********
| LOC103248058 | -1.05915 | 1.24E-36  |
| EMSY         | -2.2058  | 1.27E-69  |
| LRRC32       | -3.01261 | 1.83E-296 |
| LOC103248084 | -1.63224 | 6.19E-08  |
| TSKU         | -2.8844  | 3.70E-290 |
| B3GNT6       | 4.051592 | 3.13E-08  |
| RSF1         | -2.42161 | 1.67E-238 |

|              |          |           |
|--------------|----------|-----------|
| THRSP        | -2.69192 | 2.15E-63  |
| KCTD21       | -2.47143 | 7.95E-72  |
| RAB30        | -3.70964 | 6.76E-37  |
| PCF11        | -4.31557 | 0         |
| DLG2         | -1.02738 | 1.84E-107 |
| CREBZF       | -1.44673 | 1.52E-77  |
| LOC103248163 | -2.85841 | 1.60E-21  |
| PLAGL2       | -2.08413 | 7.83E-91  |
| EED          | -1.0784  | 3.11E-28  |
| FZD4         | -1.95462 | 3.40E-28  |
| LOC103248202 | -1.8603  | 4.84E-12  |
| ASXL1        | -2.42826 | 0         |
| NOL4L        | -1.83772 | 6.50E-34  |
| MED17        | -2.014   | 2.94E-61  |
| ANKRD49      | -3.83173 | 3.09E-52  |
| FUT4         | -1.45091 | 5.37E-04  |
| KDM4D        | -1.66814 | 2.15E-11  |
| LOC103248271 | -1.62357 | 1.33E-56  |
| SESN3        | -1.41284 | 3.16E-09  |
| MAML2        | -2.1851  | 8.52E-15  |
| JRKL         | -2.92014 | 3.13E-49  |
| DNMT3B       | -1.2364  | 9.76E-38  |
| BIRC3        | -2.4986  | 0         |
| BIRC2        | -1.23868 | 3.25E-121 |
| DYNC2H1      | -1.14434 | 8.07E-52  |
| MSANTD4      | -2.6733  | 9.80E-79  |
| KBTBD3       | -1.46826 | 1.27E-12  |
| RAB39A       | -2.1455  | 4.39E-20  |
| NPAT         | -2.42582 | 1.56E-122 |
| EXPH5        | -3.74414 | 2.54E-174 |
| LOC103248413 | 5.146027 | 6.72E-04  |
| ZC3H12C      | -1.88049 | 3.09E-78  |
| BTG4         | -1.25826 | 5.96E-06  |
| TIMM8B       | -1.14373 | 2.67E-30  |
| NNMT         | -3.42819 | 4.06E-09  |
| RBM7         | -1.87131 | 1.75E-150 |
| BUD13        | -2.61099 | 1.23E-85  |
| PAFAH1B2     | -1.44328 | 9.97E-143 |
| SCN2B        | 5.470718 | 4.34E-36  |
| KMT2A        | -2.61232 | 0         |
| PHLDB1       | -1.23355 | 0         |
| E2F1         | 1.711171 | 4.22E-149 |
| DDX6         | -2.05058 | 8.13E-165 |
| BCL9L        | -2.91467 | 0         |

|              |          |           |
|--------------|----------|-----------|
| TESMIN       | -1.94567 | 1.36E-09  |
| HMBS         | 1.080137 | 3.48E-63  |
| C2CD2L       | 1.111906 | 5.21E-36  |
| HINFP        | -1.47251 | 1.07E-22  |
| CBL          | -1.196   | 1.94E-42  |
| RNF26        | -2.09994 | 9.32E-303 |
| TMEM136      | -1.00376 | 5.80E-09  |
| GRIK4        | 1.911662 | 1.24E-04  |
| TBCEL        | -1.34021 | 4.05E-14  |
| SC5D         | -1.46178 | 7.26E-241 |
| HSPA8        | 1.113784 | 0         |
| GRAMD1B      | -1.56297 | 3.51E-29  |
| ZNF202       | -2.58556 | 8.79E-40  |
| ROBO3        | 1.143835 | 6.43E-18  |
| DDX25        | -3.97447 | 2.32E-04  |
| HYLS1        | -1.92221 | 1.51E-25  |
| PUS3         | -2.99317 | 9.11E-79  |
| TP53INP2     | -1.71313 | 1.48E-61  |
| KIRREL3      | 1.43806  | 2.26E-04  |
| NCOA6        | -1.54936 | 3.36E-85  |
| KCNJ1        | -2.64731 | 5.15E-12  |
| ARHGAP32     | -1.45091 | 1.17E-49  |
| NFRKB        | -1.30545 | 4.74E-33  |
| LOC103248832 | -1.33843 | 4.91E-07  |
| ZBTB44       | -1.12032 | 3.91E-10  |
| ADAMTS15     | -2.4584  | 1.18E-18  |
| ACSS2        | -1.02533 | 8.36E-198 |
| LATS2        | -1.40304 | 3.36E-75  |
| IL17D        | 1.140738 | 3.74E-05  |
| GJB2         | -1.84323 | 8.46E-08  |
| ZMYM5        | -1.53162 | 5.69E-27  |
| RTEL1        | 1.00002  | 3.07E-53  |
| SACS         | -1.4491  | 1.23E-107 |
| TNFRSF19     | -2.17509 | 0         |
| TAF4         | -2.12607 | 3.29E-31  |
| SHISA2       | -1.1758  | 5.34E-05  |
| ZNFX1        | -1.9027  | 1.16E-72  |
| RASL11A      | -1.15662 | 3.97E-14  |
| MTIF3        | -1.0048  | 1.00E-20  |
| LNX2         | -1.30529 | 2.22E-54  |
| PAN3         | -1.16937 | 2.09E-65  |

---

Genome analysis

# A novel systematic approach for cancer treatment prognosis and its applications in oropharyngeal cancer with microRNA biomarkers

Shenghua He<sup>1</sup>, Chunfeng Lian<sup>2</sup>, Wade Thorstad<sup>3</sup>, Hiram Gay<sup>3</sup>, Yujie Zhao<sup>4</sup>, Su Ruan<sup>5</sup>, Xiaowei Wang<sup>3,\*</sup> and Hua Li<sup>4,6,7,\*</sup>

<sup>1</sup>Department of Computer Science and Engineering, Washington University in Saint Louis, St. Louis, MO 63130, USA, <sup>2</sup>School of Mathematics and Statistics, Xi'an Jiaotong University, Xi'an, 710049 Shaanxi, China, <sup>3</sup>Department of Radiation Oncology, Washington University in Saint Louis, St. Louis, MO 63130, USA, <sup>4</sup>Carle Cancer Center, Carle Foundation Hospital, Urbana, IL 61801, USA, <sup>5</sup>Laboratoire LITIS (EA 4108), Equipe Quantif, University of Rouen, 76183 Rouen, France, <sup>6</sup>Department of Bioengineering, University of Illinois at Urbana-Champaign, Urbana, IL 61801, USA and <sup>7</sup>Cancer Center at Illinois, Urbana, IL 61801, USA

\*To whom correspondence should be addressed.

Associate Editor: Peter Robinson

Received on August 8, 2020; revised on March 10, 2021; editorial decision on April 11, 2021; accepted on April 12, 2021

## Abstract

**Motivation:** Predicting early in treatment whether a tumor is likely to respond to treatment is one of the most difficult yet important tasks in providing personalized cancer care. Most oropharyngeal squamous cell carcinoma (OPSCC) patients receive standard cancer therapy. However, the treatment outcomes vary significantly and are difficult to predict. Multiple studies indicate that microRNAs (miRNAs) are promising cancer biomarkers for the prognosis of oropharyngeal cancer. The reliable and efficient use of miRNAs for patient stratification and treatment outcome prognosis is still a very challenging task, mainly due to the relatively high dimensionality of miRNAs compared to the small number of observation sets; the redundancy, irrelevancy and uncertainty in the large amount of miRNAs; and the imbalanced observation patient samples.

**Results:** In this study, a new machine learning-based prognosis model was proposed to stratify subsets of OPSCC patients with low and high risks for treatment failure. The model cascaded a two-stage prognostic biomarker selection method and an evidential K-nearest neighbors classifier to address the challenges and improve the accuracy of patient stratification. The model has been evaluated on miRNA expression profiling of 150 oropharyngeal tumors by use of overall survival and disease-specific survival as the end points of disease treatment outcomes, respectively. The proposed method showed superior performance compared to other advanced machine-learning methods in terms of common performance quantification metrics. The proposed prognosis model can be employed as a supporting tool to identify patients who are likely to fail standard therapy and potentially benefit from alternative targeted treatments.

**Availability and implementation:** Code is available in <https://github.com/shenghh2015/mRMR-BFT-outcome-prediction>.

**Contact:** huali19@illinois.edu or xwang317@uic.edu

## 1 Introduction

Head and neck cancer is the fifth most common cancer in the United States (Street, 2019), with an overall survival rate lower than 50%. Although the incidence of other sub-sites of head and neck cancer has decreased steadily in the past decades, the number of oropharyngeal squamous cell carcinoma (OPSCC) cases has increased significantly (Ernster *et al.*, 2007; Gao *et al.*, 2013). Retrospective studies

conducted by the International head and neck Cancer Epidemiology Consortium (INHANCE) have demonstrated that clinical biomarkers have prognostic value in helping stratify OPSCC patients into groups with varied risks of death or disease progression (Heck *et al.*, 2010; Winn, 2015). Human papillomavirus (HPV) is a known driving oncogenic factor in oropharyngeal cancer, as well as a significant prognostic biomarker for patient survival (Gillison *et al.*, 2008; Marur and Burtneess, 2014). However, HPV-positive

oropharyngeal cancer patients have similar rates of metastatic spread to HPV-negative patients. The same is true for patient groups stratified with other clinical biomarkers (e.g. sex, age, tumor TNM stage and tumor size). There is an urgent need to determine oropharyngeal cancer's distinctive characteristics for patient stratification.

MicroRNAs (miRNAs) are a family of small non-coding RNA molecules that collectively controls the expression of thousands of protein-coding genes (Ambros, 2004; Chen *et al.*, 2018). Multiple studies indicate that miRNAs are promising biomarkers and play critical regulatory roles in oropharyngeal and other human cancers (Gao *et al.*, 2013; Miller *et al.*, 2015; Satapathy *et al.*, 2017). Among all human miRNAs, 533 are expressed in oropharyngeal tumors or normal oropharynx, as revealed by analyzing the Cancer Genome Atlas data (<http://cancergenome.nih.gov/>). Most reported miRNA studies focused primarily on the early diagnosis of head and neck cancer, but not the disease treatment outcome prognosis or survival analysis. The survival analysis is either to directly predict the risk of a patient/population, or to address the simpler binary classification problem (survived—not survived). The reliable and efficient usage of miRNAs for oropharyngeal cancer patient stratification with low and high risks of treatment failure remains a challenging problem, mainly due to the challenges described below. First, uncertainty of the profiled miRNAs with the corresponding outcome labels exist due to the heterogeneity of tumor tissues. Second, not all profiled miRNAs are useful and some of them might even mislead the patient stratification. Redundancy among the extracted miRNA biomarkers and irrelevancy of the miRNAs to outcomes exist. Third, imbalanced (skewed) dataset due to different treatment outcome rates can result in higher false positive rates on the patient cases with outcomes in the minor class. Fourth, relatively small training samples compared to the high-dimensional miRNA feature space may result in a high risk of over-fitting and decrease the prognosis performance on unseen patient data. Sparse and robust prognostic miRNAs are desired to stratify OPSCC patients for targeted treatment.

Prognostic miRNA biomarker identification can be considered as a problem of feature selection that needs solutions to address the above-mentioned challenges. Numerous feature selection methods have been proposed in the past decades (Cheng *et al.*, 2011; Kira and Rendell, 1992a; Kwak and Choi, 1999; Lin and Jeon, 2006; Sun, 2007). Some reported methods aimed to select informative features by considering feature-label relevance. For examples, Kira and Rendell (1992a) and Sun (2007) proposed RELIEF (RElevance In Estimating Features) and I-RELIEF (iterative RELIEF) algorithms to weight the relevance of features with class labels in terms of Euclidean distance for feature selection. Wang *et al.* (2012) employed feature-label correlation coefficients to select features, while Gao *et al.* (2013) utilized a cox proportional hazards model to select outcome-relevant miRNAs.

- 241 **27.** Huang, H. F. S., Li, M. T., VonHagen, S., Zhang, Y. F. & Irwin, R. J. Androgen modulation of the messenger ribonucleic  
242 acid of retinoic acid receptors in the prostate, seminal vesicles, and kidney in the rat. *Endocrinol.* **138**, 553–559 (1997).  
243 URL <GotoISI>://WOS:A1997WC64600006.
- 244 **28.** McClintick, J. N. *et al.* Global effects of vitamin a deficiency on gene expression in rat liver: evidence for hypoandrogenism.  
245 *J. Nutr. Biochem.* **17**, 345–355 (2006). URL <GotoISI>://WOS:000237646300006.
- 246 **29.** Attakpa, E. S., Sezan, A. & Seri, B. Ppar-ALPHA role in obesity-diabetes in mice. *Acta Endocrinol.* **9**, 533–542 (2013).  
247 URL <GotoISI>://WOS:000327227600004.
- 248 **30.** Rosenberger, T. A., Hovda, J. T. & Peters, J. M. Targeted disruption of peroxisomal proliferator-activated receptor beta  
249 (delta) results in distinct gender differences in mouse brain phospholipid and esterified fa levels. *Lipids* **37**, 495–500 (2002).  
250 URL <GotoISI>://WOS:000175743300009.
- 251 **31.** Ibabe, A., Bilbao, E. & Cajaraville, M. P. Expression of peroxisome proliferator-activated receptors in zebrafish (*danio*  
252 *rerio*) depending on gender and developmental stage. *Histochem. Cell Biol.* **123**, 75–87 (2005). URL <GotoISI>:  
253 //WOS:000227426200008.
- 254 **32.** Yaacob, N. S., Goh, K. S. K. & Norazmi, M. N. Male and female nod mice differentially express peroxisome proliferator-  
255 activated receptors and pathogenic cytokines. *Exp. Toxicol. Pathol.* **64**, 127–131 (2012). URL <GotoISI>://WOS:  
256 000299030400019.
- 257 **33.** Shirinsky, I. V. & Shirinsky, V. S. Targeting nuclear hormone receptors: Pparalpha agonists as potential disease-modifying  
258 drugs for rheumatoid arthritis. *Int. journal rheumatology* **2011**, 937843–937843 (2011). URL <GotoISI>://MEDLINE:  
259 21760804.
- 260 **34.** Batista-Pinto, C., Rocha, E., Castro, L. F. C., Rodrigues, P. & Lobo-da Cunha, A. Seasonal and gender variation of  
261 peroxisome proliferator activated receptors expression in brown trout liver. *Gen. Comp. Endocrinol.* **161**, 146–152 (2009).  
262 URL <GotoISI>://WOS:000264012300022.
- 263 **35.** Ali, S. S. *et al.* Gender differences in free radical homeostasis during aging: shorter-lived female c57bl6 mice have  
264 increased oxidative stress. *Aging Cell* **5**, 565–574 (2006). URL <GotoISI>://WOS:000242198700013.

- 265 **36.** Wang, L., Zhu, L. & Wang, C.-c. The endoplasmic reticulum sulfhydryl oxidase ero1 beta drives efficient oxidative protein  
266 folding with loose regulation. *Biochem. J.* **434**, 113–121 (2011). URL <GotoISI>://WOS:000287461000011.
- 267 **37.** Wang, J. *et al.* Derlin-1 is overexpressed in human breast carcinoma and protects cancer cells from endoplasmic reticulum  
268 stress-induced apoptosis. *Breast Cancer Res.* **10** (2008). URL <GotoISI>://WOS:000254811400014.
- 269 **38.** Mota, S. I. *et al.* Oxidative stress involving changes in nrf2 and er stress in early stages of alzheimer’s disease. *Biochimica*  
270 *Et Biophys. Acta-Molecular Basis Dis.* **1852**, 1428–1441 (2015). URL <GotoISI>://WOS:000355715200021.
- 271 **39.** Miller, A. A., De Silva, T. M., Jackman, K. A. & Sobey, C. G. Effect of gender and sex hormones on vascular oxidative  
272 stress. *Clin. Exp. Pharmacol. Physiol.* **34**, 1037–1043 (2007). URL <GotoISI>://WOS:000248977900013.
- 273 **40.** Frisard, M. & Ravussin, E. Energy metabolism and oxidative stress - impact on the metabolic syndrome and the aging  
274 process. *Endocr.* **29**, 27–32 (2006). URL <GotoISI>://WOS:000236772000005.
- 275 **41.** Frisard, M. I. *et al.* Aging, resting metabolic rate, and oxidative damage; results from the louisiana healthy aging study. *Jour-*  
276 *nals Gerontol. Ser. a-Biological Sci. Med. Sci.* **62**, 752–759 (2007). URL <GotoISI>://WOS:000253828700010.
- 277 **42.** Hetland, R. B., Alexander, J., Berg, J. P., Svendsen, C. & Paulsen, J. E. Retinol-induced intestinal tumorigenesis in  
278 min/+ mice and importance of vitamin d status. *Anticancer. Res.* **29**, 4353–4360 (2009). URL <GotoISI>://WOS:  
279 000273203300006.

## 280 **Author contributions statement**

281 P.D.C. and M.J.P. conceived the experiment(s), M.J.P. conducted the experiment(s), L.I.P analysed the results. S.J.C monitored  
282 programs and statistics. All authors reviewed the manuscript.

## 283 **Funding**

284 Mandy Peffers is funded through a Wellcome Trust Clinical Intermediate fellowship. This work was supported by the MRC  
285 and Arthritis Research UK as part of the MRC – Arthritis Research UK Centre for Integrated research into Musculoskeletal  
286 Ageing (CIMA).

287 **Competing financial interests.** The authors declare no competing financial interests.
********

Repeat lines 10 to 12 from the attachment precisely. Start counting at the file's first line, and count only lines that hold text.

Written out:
| THRSP        | -2.69192 | 2.15E-63  |
| KCTD21       | -2.47143 | 7.95E-72  |
| RAB30        | -3.70964 | 6.76E-37  |